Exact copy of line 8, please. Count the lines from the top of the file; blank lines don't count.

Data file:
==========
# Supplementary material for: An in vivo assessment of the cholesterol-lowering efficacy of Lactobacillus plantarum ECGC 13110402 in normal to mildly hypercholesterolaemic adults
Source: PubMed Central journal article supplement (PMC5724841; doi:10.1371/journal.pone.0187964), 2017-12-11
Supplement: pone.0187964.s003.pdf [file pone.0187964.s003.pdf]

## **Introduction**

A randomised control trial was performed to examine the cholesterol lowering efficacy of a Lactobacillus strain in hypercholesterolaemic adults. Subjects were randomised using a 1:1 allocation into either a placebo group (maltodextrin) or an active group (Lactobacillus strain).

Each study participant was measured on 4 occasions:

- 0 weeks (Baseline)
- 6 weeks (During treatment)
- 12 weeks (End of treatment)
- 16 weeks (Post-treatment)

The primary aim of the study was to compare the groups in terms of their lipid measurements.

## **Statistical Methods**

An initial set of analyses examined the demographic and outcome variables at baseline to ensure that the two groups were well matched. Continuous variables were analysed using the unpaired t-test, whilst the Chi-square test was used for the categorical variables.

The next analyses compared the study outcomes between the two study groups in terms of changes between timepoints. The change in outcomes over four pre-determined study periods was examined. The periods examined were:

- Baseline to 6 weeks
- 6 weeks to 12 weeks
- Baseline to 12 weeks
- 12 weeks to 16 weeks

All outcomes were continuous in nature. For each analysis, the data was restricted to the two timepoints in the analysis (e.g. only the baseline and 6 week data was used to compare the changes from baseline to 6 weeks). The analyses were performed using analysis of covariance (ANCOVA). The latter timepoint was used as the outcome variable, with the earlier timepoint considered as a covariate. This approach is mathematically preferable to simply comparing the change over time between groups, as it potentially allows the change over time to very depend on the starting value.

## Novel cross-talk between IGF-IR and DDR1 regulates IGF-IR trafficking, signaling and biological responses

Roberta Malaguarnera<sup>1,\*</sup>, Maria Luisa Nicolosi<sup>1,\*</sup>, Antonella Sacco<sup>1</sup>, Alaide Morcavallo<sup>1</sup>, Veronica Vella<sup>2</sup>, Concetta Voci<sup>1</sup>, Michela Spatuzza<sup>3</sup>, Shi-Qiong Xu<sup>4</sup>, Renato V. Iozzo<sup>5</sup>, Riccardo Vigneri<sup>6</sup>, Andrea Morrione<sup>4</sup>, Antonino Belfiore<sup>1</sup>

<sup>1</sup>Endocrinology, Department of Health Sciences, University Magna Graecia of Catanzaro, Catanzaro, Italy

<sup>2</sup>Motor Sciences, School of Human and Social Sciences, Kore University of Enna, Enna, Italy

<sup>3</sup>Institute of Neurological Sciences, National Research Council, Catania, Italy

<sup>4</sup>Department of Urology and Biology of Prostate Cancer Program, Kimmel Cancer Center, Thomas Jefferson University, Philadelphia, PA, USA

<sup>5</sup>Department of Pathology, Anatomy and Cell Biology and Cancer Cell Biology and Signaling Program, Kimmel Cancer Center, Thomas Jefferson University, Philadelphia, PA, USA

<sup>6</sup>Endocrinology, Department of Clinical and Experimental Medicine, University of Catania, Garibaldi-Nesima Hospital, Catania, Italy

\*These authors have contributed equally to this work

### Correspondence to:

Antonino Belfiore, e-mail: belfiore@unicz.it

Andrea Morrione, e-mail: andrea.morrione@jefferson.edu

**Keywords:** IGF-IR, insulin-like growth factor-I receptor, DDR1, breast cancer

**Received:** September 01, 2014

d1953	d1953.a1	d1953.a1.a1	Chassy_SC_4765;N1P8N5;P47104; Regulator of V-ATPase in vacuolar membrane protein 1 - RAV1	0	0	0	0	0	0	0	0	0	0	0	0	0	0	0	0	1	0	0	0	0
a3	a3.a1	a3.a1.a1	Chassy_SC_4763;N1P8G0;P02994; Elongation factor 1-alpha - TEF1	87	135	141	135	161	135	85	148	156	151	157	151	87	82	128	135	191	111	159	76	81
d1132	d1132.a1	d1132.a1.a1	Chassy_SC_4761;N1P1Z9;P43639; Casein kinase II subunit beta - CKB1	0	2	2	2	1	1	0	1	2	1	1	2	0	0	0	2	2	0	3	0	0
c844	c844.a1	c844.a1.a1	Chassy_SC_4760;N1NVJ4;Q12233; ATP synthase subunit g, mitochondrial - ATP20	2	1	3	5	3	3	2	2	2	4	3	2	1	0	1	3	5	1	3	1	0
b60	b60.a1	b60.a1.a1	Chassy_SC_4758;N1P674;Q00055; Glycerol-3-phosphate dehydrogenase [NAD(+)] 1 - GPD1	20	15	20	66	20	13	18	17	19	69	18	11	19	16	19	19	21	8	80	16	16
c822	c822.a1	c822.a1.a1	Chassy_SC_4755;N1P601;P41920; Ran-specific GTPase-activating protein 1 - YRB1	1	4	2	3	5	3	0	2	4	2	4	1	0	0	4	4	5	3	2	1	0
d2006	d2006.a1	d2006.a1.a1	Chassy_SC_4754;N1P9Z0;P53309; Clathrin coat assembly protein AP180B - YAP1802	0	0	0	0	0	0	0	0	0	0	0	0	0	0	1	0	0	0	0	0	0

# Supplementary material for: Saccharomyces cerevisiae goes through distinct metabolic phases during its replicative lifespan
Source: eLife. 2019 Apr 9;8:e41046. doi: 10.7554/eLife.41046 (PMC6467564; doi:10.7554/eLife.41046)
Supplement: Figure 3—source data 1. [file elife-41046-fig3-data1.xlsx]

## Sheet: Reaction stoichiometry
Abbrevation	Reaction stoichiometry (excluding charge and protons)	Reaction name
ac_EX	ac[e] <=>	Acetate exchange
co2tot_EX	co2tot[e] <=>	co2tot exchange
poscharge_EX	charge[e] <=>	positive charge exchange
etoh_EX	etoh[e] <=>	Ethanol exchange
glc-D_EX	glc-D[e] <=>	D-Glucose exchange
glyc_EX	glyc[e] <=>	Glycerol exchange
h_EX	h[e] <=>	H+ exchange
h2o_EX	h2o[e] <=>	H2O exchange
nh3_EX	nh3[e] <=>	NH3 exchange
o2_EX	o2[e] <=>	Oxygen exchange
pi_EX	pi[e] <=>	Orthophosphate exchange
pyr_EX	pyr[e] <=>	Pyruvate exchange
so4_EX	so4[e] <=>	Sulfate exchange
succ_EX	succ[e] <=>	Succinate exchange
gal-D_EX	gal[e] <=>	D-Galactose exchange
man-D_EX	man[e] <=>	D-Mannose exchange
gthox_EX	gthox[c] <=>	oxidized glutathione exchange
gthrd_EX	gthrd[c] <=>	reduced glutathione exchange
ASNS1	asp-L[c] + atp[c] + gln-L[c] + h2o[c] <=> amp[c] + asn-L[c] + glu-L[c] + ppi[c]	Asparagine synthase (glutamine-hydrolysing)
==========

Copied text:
- 6 weeks (During treatment)